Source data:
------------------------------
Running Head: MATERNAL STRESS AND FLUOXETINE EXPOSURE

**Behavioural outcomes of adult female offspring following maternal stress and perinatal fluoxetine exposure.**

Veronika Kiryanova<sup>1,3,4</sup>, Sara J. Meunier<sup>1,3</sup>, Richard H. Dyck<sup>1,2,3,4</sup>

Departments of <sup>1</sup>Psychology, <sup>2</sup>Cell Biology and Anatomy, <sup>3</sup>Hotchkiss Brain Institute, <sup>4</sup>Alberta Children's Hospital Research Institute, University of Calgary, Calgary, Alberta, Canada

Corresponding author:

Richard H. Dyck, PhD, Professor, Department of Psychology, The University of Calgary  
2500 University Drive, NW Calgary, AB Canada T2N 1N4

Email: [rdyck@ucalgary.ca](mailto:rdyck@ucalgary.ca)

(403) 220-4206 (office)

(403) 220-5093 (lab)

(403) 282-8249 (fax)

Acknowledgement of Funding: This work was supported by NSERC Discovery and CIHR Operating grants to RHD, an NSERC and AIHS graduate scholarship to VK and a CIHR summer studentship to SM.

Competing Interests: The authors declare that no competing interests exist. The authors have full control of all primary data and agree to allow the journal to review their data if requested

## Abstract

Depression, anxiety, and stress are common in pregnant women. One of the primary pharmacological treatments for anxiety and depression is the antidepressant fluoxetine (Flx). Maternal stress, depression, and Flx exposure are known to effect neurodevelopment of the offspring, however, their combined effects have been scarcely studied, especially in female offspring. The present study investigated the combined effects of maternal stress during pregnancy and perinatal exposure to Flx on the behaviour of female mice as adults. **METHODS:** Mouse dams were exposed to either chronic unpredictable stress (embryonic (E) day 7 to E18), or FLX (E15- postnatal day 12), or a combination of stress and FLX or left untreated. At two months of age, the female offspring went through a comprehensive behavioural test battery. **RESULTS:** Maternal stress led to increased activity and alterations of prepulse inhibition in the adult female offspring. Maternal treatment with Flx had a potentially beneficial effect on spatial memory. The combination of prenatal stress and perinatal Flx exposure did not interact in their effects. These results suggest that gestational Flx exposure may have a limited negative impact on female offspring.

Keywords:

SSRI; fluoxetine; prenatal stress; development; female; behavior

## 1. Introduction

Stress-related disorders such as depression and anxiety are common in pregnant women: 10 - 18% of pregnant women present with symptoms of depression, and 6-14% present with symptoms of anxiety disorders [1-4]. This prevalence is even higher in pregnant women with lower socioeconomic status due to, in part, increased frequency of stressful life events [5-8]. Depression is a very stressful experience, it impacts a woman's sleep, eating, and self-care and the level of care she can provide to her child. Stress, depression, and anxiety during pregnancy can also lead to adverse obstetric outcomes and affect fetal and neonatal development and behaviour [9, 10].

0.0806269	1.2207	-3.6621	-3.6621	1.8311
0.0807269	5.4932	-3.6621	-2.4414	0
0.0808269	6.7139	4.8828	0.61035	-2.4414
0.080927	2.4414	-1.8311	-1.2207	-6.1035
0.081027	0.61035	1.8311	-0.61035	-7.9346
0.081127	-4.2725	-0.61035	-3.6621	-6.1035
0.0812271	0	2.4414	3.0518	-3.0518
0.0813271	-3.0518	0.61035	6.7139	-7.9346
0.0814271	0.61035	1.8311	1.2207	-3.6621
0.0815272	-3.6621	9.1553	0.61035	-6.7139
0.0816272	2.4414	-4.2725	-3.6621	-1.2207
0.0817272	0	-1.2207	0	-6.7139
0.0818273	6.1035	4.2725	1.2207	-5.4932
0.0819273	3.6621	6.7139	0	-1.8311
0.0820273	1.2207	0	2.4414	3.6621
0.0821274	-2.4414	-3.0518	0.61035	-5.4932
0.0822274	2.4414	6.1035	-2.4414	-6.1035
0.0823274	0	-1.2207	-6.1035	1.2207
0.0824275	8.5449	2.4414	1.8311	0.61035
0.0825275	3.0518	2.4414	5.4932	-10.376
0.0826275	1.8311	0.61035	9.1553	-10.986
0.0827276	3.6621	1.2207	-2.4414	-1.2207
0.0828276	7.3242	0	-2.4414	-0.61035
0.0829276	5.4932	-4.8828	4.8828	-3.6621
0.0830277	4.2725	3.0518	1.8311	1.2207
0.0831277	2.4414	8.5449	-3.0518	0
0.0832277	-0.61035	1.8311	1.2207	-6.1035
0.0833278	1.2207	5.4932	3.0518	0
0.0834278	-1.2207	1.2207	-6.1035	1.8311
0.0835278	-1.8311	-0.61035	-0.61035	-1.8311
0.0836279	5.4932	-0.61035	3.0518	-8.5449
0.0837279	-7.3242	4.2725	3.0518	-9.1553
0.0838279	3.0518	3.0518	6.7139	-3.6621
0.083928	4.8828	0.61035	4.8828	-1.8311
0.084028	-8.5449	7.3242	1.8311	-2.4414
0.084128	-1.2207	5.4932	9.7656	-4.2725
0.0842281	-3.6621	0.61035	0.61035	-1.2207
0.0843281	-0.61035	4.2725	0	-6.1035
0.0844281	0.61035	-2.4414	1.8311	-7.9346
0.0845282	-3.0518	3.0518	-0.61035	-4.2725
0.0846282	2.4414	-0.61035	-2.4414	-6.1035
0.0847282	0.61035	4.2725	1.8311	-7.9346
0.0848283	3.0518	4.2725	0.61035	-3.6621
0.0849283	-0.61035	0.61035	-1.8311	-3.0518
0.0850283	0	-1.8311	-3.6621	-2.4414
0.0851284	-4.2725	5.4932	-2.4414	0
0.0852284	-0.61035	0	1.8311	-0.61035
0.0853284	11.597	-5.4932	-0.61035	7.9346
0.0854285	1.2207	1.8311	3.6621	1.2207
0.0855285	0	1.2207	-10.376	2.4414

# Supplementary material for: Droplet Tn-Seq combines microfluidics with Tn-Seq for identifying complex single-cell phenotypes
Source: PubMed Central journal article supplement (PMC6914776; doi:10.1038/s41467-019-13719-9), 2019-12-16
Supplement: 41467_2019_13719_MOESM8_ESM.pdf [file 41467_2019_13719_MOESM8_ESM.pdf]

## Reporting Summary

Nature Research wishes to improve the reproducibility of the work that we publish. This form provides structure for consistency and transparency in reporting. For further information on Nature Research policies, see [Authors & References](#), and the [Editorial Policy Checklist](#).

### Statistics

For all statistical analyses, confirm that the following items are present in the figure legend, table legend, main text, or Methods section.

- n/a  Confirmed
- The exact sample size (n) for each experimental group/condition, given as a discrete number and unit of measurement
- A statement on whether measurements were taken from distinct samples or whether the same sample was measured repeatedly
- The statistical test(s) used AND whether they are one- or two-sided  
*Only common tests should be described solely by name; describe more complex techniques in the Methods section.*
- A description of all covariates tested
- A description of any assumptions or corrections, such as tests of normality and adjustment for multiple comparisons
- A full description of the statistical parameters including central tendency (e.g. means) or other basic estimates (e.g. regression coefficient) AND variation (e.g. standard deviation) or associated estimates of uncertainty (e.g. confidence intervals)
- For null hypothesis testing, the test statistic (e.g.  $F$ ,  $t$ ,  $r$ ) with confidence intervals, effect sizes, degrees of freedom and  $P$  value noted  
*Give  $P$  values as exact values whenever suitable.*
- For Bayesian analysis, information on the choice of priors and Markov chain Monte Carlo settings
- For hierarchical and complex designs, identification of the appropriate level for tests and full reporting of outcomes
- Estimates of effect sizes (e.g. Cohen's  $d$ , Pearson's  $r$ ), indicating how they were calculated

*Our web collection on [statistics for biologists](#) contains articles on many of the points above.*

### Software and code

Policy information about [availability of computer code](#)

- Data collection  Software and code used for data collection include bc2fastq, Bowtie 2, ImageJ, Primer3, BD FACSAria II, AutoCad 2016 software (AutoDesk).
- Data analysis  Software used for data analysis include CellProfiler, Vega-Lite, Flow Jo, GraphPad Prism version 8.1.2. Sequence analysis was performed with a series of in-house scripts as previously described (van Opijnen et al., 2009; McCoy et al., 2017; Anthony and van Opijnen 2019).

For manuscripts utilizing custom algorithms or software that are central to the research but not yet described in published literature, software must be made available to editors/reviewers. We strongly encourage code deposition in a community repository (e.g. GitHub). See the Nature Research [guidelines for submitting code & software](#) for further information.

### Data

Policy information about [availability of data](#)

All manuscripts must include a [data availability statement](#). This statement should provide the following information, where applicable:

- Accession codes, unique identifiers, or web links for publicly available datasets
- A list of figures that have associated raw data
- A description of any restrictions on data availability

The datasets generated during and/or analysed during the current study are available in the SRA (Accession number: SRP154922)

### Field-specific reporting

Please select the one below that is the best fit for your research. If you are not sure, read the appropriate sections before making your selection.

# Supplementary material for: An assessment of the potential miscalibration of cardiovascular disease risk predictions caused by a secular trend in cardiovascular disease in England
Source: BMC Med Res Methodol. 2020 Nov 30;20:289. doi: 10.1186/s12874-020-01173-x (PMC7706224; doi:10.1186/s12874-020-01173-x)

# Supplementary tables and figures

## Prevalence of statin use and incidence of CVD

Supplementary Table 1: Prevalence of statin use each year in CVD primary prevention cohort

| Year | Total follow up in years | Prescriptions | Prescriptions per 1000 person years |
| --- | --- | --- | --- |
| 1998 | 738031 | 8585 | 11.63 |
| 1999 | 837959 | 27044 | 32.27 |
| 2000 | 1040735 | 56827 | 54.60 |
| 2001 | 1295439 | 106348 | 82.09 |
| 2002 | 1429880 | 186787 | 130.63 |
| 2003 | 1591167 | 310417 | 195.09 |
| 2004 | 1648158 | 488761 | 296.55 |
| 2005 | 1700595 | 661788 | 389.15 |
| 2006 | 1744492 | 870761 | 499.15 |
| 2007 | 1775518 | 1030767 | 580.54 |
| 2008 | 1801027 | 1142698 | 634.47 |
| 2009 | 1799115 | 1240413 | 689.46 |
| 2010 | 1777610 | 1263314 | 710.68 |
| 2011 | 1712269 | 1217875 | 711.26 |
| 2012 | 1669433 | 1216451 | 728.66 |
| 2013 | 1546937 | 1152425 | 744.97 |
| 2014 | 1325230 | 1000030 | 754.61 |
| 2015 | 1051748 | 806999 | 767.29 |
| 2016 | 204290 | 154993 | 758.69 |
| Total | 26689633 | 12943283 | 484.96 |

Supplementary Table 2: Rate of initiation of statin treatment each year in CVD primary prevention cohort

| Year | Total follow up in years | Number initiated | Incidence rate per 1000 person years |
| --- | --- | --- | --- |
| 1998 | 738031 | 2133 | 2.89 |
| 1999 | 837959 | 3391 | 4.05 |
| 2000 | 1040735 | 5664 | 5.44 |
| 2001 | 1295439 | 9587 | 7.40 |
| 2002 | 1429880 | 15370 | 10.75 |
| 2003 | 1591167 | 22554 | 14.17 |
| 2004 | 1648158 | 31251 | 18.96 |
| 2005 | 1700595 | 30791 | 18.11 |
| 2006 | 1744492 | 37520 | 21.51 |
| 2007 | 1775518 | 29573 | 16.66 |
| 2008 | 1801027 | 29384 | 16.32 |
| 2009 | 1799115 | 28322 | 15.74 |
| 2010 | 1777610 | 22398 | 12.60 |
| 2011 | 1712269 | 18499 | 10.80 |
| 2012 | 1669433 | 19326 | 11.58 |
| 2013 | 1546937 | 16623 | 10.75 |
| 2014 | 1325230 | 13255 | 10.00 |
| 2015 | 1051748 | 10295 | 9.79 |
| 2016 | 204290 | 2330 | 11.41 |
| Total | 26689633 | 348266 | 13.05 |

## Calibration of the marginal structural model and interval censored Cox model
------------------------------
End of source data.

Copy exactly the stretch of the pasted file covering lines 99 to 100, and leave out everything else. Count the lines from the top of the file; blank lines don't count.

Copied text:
- Accession codes, unique identifiers, or web links for publicly available datasets
- A list of figures that have associated raw data